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What Is Rice Vinegar?
Rice vinegar is made from fermented rice. The sugars in rice are converted to alcohol (rice wine) and then, through a bacteria-laden second fermentation process, into the acid we know as vinegar. The result is typically far less acidic and milder than pure distilled white vinegar or those made from grape-based wine or malt, making it a subtle addition to salad dressings, pickles, marinades, or splashed lightly over sautéed vegetables.
What's the Difference Between Rice Vinegar and Rice Wine Vinegar?
Because rice vinegar is technically made into alcohol before it becomes vinegar, you might find it labeled as both “rice vinegar” and “rice wine vinegar.” Without the acid from the second part of the process, rice wine, like Japanese cooking mirin, has a much sweeter profile.
5 Types of Rice Vinegar
Not only do types of rice vinegar vary, but regional styles do as well: rice vinegar is a central condiment in Chinese, Japanese, Korean, and Vietnamese cuisine, and so iterations and strength may differ slightly.
- White rice vinegar. This is the basic, multi-use rice vinegar you’ll find in every grocery store. It's clean, with an unobtrusive tang.
- Seasoned rice vinegar. used mostly to brighten sushi rice, combines white rice vinegar with sugar and/or MSG for added flavor.
- Brown rice vinegar. Like its base grain, brown rice vinegar brings a few more nutrients to the party, along with a toastier color. It’s often mild enough in flavor that it can be used interchangeably with white rice vinegar.
- Black rice vinegar. You may have come across black rice vinegar as a dipping sauce. Thanks to the combination of black glutinous rice with wheat and other grains like sorghum, the result is rich in umami.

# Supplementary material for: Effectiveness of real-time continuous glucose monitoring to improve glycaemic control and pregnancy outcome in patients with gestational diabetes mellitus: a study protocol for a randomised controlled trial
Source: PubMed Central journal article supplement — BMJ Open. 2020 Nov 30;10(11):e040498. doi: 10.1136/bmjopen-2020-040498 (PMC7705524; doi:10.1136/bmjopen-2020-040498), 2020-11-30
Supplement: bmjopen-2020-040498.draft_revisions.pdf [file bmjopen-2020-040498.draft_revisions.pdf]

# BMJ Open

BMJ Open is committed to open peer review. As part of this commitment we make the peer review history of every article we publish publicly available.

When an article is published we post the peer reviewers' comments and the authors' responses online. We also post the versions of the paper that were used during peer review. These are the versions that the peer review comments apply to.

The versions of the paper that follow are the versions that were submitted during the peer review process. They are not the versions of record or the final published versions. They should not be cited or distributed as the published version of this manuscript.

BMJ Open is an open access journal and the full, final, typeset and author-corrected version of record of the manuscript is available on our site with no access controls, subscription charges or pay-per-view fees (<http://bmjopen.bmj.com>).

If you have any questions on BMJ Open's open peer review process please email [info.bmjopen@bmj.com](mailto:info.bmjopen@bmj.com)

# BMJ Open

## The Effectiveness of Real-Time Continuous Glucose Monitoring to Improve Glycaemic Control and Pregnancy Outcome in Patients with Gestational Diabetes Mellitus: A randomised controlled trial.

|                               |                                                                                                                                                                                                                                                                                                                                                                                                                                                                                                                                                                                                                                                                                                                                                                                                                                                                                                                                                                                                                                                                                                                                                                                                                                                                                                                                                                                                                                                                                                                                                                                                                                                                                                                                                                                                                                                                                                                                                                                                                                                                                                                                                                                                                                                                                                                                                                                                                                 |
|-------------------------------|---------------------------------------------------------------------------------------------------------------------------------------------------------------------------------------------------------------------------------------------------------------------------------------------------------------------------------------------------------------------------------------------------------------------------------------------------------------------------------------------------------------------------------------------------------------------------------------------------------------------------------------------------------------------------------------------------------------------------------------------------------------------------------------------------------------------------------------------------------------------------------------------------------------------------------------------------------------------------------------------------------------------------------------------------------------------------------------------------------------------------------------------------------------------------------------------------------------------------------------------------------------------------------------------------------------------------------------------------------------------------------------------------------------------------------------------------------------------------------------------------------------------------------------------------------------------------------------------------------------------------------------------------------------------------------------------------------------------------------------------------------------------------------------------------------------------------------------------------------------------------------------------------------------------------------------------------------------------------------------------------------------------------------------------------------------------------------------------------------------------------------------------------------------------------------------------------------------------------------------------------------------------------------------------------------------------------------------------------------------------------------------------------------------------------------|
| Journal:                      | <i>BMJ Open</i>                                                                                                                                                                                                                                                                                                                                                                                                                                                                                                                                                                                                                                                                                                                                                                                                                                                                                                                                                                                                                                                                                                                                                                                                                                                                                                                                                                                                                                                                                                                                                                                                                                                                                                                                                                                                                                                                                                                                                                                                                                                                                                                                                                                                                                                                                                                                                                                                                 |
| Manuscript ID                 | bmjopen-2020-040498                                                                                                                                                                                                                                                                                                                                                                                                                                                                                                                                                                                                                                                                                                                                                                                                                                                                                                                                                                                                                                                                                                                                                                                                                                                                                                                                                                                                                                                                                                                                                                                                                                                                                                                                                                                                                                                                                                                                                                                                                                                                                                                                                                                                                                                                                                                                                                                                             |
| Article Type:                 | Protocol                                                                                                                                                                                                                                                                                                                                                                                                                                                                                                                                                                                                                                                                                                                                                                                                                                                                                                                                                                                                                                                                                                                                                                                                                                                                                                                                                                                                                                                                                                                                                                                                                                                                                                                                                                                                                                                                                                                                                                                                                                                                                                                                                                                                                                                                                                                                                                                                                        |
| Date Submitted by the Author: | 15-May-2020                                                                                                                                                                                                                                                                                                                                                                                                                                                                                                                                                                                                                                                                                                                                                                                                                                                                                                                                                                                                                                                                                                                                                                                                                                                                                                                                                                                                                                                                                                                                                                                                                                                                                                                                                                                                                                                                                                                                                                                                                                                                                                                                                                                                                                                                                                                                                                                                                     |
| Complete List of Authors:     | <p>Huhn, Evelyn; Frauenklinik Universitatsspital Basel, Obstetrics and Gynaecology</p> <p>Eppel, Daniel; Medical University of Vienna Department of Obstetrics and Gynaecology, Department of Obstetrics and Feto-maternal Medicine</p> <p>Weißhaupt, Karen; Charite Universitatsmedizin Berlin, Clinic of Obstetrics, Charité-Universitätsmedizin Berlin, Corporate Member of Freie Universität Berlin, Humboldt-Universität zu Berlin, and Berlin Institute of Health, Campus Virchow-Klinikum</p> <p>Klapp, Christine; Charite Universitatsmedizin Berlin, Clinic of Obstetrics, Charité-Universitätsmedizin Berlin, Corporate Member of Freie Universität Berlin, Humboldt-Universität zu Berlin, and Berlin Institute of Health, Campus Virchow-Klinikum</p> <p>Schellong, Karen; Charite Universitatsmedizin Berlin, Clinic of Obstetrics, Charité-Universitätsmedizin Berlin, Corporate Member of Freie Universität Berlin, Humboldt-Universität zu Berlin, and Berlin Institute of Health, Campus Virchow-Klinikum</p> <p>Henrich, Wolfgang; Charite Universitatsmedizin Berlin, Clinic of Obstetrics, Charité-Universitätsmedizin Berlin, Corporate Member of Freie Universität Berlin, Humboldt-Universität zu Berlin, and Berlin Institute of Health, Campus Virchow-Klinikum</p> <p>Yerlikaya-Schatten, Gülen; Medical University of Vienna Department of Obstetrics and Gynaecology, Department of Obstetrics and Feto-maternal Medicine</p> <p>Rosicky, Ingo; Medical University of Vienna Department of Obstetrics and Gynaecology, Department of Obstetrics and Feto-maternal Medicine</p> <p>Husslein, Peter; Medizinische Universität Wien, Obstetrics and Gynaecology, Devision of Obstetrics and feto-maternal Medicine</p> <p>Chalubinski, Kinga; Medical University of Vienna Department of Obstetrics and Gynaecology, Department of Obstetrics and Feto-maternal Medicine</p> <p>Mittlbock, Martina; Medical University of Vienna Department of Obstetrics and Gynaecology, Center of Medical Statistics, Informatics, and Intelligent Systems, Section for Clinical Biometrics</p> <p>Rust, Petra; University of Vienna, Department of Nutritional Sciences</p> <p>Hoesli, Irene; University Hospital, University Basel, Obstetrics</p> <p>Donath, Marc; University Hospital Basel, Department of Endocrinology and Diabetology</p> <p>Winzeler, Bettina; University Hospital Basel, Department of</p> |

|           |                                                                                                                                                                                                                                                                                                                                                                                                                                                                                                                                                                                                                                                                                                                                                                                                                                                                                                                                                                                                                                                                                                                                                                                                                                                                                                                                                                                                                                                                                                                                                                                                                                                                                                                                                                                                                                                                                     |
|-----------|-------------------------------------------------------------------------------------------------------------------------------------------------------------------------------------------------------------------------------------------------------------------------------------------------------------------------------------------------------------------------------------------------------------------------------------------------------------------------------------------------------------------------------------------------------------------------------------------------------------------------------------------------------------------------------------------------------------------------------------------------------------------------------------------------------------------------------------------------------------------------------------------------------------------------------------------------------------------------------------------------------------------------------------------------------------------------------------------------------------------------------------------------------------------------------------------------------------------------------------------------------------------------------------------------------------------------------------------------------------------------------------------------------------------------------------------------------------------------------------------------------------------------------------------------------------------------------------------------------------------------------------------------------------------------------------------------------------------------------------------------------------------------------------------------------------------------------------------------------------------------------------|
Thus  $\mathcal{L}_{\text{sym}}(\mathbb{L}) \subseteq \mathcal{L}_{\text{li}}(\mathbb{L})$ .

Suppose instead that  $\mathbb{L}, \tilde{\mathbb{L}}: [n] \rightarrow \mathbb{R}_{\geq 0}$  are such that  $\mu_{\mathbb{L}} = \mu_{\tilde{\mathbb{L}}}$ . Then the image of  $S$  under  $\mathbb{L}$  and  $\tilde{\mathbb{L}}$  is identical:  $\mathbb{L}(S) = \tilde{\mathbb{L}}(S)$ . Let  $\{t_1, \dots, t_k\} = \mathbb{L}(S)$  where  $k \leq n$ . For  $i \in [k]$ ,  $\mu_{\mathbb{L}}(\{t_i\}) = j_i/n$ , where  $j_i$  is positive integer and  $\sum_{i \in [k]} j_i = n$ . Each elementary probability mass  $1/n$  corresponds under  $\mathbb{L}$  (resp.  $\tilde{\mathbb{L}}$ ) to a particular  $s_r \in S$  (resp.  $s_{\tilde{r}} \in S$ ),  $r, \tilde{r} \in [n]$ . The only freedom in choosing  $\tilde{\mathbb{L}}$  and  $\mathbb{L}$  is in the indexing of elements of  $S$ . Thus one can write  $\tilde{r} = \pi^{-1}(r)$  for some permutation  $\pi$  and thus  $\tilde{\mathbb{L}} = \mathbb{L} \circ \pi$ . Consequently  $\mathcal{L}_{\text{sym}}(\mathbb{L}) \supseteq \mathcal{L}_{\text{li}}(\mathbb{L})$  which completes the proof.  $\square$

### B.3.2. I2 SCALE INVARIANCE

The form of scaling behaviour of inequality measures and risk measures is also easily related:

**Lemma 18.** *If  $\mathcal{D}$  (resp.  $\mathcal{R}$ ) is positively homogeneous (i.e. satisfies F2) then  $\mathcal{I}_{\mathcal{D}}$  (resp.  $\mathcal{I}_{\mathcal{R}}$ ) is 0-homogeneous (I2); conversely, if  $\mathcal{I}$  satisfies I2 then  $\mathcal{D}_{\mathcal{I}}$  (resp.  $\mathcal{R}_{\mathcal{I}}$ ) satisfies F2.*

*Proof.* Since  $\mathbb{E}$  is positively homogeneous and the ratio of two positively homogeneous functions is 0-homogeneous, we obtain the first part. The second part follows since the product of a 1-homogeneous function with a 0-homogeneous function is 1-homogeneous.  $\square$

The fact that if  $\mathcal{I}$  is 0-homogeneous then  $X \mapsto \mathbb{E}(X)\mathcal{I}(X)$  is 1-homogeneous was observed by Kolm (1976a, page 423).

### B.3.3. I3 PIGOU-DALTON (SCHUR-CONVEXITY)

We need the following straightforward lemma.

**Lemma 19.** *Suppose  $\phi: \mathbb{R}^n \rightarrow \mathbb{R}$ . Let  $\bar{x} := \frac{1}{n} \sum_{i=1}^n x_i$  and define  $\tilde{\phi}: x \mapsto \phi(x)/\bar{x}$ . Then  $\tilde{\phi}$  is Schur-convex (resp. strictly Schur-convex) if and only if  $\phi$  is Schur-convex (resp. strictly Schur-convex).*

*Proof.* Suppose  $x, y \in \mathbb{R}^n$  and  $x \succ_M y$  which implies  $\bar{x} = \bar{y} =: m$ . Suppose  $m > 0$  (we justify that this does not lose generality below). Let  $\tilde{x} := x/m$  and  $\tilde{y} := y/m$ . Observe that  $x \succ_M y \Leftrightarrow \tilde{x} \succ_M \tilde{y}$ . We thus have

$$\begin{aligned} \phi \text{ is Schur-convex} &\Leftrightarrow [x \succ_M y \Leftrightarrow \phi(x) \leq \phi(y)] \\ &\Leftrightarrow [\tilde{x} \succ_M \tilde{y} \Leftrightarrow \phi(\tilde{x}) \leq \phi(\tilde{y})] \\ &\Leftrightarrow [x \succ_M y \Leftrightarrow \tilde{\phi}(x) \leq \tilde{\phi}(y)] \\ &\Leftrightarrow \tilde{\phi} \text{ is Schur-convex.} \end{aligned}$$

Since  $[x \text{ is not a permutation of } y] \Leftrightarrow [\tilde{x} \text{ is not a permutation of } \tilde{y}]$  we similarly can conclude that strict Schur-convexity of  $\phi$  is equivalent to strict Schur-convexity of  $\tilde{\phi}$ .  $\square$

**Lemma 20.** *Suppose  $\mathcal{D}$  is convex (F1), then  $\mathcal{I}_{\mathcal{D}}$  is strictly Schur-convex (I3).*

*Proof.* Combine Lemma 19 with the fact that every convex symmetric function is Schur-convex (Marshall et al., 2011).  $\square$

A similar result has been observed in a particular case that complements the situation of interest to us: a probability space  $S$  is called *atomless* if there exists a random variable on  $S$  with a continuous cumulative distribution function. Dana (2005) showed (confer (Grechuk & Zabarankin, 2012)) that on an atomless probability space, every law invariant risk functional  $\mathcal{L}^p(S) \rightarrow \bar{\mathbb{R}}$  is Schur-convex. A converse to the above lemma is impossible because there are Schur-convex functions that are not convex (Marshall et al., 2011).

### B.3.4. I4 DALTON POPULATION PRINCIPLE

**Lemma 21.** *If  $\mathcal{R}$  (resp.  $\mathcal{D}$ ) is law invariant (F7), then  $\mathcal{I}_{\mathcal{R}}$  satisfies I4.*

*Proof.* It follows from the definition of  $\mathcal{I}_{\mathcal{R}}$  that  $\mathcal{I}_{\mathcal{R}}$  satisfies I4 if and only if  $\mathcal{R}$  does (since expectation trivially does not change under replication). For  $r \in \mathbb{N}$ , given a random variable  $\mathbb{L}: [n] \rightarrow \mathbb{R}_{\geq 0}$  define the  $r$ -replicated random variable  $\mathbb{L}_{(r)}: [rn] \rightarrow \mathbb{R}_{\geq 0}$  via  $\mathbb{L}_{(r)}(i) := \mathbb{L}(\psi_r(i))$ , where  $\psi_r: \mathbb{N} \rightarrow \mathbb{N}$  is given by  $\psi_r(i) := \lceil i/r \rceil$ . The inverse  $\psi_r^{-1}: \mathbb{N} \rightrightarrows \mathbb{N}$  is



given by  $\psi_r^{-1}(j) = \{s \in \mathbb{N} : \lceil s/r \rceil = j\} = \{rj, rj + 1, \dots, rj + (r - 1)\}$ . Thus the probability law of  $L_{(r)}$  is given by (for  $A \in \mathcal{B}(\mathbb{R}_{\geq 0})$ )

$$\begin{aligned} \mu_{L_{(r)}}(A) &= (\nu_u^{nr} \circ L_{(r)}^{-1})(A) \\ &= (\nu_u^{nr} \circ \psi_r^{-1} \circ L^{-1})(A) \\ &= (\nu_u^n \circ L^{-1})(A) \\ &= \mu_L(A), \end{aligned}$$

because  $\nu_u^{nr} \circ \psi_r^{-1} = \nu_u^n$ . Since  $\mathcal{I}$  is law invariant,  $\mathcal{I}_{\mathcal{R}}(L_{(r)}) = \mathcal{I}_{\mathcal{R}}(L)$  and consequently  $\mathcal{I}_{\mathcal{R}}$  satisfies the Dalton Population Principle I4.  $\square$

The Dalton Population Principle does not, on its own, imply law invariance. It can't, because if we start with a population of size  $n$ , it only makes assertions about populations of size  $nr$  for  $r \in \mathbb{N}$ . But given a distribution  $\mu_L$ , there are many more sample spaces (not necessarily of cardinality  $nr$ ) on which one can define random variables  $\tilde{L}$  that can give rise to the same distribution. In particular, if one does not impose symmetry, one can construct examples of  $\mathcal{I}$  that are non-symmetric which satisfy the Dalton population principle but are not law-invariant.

- Red rice vinegar. Red rice vinegar is made with an already fermented rice and incorporates other grains, similar to black rice vinegar. It's sweet, sour, and a little funky.
How to Substitute Rice Vinegar in Cooking
Best substitute for rice vinegar? Survey says: apple cider vinegar. Though apple cider vinegar tends to be cloudier and more potent than rice vinegar, it’s sweet-to-sour ratio is a close enough match to work in some circumstances. White wine vinegar and champagne vinegar also have similar flavor profiles and make for good substitutes.
4 Recipes Using Rice Vinegar
- Add a dash of rice vinegar to a fruity gin and tonic for a quick and easy seasonal shrub cocktail.
- Add rice vinegar to brining liquid for a nuanced tanginess that won’t overpower the whole meal.
- For a light salad dressing, add 1 tablespoon of rice vinegar to 2 tablespoons of olive oil and season to taste with salt, black pepper, and maybe some dijon mustard.
- Use rice vinegar as the base vinegar in your next batch of pickles—get inspired by its fruity undertones and pickle it with something like fresh plums, radishes, or ginger.